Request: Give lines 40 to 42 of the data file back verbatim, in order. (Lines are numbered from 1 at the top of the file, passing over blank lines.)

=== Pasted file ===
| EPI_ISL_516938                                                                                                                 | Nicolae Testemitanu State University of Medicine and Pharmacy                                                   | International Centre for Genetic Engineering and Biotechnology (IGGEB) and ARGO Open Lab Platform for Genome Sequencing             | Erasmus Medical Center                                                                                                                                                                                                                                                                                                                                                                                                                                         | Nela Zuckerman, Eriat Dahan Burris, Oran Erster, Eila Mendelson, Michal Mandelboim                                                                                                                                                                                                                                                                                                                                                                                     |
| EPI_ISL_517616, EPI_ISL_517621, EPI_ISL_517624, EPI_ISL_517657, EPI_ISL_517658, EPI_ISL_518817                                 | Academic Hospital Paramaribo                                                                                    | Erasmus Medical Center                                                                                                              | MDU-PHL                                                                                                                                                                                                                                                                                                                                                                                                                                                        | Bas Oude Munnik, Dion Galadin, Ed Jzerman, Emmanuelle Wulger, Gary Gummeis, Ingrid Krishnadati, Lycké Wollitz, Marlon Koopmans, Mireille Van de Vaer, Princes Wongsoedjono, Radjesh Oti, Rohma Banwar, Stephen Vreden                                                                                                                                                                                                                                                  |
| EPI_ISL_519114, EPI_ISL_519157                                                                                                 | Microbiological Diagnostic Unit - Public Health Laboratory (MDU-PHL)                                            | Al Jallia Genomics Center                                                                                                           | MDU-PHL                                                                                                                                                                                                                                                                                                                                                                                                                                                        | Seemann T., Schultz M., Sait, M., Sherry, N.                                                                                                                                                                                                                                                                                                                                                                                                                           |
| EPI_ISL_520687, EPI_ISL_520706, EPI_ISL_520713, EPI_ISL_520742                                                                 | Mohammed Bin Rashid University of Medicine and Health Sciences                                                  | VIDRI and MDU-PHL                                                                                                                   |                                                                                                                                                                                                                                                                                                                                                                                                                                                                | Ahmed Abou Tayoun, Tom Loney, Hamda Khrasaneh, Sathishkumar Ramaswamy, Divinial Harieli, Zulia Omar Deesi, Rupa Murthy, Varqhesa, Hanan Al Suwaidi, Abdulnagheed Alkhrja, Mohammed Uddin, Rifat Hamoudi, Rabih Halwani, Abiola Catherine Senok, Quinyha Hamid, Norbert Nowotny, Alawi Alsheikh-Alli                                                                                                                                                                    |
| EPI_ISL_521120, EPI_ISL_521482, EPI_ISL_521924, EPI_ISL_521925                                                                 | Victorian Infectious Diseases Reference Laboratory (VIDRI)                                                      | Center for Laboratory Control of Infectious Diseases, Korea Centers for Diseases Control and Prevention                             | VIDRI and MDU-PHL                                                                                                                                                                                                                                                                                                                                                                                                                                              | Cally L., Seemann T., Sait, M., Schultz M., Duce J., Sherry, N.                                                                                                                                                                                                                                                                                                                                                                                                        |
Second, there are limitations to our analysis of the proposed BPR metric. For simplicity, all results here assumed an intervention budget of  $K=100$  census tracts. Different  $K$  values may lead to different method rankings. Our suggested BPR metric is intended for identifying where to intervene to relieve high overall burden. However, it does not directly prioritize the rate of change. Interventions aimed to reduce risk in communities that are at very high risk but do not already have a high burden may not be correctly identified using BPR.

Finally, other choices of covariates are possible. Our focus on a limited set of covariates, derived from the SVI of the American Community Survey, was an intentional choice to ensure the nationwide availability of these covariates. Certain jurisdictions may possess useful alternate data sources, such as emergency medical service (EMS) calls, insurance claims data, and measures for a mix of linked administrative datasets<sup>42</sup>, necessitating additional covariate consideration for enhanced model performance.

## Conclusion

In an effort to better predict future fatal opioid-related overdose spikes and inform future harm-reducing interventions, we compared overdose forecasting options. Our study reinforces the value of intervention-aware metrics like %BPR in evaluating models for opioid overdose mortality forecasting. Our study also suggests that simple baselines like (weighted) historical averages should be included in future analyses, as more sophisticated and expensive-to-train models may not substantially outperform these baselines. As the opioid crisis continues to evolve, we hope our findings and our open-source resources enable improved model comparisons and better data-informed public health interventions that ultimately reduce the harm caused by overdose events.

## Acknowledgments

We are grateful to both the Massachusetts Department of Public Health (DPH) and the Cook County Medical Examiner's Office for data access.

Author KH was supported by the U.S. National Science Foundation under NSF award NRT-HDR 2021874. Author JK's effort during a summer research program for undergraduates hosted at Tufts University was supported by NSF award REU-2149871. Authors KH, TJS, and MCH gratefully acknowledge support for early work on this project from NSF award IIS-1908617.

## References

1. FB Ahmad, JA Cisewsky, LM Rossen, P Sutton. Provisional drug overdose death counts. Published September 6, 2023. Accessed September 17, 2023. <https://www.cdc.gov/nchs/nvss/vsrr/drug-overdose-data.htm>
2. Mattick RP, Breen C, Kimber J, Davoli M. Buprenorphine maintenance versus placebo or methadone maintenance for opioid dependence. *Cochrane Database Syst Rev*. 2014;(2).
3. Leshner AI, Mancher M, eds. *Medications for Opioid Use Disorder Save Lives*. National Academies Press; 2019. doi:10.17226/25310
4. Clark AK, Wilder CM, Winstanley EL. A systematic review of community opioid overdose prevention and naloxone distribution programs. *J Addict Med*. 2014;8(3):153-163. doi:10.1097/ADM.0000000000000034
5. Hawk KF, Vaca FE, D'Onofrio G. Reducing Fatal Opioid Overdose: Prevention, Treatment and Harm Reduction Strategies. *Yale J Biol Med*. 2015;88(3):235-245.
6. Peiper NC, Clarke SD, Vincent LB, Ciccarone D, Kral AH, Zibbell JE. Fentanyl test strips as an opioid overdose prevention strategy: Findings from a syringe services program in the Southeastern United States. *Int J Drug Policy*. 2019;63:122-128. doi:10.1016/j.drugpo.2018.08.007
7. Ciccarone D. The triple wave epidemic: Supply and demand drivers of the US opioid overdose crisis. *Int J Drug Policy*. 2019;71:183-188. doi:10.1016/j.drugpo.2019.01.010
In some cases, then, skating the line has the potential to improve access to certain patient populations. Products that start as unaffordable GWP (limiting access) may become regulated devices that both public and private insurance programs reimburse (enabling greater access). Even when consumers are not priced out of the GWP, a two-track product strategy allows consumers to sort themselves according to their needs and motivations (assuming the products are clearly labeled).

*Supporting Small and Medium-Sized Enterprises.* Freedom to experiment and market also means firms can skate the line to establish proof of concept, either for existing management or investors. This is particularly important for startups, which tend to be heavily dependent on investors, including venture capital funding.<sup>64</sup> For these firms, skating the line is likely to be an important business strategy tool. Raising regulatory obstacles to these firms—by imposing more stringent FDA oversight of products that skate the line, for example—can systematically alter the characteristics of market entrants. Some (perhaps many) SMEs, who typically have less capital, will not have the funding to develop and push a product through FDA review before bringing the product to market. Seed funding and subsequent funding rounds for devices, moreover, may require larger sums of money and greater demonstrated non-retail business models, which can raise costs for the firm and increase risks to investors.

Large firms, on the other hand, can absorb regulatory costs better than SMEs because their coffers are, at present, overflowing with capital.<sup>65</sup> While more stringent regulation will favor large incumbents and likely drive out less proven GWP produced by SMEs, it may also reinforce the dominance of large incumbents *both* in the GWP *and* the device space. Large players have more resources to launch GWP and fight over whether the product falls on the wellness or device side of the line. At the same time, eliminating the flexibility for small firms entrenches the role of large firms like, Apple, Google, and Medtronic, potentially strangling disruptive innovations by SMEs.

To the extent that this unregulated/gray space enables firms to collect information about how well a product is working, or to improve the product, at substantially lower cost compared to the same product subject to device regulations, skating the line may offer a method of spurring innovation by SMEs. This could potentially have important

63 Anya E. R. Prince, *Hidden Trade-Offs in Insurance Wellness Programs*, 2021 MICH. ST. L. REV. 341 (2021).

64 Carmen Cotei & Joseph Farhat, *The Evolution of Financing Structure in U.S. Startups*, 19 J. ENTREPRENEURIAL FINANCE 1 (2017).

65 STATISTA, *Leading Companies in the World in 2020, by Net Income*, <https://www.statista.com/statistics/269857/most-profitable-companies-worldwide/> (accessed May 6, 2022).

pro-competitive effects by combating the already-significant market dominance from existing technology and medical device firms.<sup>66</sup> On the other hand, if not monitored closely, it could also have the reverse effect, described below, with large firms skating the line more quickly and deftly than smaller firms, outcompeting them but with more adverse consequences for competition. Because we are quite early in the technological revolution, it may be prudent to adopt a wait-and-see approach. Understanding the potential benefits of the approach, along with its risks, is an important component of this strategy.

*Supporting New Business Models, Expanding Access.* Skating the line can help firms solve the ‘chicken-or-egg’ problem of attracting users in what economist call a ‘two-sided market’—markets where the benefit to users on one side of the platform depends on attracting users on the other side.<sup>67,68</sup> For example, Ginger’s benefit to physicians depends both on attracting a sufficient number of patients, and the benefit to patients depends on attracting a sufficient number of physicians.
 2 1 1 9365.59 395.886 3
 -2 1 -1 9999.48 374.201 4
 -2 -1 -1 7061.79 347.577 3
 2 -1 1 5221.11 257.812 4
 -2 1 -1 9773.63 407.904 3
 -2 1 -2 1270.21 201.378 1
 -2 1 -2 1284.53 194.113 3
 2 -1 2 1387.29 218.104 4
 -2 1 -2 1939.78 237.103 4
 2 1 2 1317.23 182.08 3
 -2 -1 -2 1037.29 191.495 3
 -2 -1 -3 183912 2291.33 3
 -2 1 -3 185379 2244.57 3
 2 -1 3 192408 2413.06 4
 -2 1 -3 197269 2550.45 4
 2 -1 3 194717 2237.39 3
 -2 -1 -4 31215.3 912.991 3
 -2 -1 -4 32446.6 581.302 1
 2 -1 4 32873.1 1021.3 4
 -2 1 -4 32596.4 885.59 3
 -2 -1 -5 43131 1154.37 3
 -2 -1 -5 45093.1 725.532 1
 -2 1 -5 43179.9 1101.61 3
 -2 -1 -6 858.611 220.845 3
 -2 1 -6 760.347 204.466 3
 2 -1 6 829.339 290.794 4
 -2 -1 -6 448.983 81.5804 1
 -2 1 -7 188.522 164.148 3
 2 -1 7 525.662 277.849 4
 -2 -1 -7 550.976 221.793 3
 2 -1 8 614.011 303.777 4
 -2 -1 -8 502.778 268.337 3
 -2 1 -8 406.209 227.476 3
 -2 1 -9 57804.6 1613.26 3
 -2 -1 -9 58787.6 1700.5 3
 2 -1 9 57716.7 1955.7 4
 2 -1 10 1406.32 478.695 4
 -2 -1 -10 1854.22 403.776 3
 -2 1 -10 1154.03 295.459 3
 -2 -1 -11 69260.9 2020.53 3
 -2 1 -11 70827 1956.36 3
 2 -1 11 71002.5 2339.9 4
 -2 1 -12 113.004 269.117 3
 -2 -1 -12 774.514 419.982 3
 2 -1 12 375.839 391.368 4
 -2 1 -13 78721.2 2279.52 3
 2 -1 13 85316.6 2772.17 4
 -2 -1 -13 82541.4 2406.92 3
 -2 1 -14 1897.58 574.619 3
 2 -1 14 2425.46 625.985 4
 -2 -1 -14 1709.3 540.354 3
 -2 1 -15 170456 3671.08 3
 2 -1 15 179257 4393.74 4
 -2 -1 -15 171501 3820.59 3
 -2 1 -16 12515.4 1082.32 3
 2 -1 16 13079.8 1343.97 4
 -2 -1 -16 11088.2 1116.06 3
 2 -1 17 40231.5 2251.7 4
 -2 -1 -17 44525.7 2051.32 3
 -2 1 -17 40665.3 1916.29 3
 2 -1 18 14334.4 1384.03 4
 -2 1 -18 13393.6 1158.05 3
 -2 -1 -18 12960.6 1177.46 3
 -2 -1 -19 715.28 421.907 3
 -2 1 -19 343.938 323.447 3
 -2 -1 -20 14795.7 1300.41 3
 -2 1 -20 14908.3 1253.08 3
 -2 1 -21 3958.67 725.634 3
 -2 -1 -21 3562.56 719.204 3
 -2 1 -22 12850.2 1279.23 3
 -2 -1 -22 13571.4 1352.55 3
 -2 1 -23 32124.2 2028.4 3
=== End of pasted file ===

 -2 -1 -2 1037.29 191.495 3
 -2 -1 -3 183912 2291.33 3
 -2 1 -3 185379 2244.57 3